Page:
Historic Heston by Heston Blumenthal charts the chef’s search for inspiration in the deep history of British cooking. The recipe for Ryse of Flessh in The Forme of Cury, the oldest English cookbook, is refreshingly terse: ‘Take ryse and waisshe hem clene, and do hem in an erthen pot with gode broth and lat hem seeth wel. Aftirward take almaund mylke and do thereto, and colour it with safroun & salt, & messe forth.’ Blumenthal’s version requires two densely typed pages of instructions to produce an admittedly magnificent-looking risotto alla Milanese, upon which sit towers of calf tails poached at 82°C for eight hours in a sous-vide. There is a steam-punk splendour to his creations, but reading the book I couldn’t help wondering if there wasn’t something sacrilegious about employing the water bath on dishes that were supposed to be cooked by rougher and readier means.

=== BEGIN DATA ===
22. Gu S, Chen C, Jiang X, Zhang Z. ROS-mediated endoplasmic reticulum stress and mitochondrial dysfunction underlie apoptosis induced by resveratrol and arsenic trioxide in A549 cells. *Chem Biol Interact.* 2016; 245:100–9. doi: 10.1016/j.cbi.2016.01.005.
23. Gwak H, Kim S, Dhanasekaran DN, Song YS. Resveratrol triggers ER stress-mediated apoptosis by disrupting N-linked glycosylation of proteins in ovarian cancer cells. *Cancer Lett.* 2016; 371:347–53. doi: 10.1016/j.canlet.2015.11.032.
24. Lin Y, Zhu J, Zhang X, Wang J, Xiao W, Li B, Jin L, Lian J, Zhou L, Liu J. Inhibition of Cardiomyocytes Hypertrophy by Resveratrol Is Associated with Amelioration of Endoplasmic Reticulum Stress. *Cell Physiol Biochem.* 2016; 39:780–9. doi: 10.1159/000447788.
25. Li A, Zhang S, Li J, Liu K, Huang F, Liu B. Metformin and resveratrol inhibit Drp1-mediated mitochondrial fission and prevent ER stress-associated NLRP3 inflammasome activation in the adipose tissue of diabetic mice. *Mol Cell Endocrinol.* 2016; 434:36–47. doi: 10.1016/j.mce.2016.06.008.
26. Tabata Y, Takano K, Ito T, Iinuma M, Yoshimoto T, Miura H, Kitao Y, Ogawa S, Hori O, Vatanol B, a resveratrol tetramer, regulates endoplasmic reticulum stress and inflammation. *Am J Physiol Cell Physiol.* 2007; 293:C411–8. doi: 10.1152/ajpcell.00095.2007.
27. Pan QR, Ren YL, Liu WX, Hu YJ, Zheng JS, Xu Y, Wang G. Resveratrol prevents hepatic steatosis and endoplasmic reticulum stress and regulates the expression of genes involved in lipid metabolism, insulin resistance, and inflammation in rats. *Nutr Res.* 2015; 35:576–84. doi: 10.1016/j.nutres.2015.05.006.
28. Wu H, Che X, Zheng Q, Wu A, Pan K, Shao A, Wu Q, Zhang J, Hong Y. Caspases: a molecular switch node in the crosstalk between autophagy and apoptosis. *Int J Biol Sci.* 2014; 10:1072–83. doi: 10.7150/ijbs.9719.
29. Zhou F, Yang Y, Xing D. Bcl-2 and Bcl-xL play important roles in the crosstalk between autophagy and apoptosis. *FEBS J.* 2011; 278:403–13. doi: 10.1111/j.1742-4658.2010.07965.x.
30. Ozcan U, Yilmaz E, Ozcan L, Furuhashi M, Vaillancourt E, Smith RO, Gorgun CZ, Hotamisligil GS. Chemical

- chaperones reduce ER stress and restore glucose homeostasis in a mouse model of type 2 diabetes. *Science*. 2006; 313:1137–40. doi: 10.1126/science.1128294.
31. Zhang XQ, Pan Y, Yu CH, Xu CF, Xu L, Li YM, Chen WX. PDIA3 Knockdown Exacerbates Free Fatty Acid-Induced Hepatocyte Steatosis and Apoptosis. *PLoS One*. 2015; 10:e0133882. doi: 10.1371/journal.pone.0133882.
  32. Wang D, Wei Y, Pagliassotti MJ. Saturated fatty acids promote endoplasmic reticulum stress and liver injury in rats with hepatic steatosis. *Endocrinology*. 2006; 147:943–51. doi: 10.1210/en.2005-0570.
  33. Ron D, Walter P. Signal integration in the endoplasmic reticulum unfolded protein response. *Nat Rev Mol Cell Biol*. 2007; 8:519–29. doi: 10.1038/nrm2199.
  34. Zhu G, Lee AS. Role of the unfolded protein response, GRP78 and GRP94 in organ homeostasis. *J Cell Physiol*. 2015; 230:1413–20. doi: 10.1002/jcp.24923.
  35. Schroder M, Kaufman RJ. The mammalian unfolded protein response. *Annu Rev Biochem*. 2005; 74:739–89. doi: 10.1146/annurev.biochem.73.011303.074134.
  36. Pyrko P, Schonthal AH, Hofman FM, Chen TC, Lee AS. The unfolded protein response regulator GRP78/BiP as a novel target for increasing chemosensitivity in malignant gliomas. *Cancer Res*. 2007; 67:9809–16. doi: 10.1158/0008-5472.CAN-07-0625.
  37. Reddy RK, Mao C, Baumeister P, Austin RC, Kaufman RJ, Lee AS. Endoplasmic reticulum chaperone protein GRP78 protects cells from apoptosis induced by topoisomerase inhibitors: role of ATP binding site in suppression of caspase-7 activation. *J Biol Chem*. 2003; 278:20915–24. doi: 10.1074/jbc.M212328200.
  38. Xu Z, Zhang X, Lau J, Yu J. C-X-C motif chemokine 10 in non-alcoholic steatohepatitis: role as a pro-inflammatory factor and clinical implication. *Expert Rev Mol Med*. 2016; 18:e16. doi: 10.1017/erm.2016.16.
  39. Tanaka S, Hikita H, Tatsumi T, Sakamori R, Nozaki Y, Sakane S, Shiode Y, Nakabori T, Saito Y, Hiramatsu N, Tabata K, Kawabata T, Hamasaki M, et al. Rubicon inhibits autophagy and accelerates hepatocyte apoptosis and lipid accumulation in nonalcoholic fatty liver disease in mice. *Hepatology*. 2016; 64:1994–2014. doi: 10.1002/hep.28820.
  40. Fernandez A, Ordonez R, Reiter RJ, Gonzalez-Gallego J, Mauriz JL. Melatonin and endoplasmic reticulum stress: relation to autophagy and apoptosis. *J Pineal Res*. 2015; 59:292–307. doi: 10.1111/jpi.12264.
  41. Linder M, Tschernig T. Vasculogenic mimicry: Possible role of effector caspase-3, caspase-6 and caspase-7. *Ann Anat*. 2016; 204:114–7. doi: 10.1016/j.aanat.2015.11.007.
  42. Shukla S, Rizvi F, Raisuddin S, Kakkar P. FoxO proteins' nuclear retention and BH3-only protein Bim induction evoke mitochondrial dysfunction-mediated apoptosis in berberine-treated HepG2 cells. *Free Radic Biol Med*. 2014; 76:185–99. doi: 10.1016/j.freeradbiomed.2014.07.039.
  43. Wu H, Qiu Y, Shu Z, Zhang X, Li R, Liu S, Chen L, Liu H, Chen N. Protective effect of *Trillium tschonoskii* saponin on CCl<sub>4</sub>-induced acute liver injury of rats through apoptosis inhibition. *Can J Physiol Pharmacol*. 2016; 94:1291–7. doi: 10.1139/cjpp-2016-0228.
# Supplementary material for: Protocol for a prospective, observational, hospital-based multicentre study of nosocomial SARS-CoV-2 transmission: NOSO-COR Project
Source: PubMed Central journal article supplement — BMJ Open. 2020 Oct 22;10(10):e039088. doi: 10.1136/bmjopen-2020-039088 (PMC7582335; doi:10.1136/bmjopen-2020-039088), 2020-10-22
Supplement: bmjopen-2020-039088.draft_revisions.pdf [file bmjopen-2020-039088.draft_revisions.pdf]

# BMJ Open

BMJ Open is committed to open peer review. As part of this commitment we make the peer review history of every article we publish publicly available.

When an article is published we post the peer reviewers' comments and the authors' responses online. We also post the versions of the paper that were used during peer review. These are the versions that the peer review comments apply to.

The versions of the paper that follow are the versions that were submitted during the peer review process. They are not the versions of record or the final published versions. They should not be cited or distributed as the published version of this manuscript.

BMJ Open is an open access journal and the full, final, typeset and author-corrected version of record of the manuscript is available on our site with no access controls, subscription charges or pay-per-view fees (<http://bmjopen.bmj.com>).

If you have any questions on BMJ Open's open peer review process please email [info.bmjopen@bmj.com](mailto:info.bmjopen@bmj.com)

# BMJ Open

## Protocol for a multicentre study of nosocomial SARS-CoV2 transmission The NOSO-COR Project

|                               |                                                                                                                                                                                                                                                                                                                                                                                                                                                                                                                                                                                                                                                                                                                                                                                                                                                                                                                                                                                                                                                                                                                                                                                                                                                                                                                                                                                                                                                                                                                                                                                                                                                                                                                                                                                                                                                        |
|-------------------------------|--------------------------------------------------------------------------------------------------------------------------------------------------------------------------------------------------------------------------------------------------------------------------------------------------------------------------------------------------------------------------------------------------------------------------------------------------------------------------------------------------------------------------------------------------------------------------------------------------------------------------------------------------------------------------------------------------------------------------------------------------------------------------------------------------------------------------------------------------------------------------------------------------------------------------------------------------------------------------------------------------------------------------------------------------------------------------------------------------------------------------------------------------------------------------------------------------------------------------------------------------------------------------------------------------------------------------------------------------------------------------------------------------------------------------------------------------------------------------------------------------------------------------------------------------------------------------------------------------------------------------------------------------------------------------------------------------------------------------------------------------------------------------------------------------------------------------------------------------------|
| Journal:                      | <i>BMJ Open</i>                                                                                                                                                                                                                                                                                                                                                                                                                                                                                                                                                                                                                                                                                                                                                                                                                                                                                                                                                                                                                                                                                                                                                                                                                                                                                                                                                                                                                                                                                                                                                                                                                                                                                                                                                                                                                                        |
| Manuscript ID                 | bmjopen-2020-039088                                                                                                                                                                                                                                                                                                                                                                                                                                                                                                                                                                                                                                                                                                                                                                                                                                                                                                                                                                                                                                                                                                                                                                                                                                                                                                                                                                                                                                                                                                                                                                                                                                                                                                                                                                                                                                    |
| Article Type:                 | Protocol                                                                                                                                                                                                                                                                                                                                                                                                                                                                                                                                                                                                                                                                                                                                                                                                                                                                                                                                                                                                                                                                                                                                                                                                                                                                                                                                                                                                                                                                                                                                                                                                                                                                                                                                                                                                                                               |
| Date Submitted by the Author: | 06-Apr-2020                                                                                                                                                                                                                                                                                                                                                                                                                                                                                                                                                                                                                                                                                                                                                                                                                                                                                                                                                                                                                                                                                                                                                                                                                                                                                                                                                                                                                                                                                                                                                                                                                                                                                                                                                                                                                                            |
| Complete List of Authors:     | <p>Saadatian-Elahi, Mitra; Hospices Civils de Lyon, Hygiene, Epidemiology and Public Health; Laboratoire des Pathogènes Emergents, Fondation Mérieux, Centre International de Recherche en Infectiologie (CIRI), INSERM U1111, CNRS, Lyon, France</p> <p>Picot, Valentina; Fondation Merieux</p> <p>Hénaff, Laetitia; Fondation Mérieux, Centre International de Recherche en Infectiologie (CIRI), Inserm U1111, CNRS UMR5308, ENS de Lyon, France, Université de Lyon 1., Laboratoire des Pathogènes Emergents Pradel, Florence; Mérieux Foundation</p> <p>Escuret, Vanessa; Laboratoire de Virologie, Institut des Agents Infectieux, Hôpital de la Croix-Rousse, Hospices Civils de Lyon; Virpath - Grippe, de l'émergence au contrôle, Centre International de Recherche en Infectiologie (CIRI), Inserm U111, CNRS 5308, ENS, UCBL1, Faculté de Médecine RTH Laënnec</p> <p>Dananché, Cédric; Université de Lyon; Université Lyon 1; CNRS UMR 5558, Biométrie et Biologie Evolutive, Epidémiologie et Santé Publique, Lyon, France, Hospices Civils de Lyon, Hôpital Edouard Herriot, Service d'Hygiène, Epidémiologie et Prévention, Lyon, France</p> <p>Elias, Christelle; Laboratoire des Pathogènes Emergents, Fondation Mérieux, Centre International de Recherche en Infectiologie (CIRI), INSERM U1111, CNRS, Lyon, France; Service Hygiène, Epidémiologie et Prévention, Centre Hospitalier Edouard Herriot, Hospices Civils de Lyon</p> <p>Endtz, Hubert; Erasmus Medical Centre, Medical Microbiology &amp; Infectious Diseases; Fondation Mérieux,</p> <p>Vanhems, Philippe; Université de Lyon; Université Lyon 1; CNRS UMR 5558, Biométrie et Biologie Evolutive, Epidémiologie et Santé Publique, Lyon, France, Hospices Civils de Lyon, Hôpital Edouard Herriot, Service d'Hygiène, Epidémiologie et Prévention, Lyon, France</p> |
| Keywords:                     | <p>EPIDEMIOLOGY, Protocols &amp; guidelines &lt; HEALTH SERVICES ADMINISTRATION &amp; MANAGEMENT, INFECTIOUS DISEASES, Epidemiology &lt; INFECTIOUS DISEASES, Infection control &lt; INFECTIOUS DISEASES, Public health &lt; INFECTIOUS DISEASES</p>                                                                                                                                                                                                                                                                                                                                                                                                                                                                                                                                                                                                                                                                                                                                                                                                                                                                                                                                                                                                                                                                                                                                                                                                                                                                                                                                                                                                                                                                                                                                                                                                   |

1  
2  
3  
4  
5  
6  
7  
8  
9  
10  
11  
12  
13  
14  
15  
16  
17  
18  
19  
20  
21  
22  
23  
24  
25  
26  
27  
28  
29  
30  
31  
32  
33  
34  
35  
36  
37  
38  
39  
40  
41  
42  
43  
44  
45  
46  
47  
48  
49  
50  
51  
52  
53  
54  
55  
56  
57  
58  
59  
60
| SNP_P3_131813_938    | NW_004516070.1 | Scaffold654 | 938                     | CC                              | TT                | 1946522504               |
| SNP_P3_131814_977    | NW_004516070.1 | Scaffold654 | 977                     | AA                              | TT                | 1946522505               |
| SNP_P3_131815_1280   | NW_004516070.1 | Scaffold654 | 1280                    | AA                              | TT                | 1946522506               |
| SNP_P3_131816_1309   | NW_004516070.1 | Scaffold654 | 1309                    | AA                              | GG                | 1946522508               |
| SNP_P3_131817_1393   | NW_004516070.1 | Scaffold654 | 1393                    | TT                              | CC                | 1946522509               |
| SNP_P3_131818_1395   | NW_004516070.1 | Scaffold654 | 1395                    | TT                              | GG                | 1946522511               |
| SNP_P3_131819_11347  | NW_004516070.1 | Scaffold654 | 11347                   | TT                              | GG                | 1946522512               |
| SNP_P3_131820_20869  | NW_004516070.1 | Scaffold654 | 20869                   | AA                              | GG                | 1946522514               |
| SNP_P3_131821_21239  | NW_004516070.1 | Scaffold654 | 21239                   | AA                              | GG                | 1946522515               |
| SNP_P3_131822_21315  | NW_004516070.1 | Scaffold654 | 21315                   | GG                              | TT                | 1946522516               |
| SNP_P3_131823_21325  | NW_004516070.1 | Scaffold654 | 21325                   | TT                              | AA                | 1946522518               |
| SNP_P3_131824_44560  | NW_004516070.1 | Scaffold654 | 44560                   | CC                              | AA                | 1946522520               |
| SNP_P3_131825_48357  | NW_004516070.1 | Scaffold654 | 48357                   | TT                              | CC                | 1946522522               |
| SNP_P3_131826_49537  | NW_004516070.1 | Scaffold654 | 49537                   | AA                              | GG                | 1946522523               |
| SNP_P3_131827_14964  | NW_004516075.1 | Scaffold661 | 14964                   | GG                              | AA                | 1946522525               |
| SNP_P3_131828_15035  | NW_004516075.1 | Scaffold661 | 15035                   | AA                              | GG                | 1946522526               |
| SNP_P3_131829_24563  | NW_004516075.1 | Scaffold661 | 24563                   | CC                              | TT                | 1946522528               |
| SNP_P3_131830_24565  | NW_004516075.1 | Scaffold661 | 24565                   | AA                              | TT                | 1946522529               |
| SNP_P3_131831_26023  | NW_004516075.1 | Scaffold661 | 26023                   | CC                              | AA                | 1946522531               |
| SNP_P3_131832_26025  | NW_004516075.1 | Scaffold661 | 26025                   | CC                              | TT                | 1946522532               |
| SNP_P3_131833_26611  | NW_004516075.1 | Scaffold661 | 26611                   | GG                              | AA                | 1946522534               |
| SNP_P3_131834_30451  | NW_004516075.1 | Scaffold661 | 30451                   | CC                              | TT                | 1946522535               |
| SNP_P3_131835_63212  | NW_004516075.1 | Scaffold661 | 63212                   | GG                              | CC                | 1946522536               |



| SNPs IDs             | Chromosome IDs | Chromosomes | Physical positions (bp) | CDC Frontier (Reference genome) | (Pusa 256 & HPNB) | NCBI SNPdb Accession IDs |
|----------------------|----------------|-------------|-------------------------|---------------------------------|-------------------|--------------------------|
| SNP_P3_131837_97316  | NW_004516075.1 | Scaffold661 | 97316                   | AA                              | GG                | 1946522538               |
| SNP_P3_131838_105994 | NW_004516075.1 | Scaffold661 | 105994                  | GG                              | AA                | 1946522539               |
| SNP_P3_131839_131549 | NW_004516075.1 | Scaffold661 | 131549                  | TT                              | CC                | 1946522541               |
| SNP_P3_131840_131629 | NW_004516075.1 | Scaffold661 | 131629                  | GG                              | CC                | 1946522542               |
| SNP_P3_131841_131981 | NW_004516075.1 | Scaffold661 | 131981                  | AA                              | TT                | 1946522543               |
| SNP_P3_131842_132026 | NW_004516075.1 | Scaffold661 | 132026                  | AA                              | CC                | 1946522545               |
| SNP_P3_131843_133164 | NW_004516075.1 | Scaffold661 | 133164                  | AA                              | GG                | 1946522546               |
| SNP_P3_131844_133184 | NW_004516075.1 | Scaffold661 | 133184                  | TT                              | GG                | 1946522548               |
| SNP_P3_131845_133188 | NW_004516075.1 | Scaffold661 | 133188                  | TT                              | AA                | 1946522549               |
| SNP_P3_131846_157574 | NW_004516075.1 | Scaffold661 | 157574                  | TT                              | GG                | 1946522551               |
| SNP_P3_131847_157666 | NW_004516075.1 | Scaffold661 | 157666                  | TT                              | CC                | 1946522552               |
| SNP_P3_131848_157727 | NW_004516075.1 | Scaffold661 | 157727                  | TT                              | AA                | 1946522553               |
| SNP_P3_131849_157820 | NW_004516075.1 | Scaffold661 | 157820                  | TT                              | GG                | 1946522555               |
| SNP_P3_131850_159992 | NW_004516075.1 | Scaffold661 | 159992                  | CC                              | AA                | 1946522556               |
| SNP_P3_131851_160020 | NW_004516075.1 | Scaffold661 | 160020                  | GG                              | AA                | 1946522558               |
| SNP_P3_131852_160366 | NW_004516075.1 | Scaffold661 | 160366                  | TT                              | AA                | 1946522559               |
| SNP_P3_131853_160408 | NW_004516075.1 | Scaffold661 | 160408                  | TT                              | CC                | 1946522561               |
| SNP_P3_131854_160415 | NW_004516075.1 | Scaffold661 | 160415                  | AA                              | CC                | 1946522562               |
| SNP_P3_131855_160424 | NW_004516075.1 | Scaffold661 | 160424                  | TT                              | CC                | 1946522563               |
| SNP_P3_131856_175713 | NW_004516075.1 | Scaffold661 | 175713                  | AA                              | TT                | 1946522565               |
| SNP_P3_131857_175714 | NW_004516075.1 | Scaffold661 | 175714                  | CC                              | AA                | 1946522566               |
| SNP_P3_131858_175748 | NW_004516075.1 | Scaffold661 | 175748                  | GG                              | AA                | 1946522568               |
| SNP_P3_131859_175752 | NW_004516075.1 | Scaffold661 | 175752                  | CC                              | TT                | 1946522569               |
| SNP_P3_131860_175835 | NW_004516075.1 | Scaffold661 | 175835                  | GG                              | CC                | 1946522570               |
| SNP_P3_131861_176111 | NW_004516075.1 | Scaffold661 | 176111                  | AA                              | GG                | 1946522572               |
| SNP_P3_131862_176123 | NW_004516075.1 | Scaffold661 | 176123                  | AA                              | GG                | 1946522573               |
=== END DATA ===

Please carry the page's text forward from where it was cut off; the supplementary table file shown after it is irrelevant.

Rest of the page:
Readers in search of authentic antique dishes need look no further than Cooking People: The Writers Who Taught the English How to Eat by Sophia Waugh, which anthologises the work of five female food writers, from Hannah Woolley in the 17th century to Elizabeth David in the 20th. It may have been published last year but the recipes are evergreen.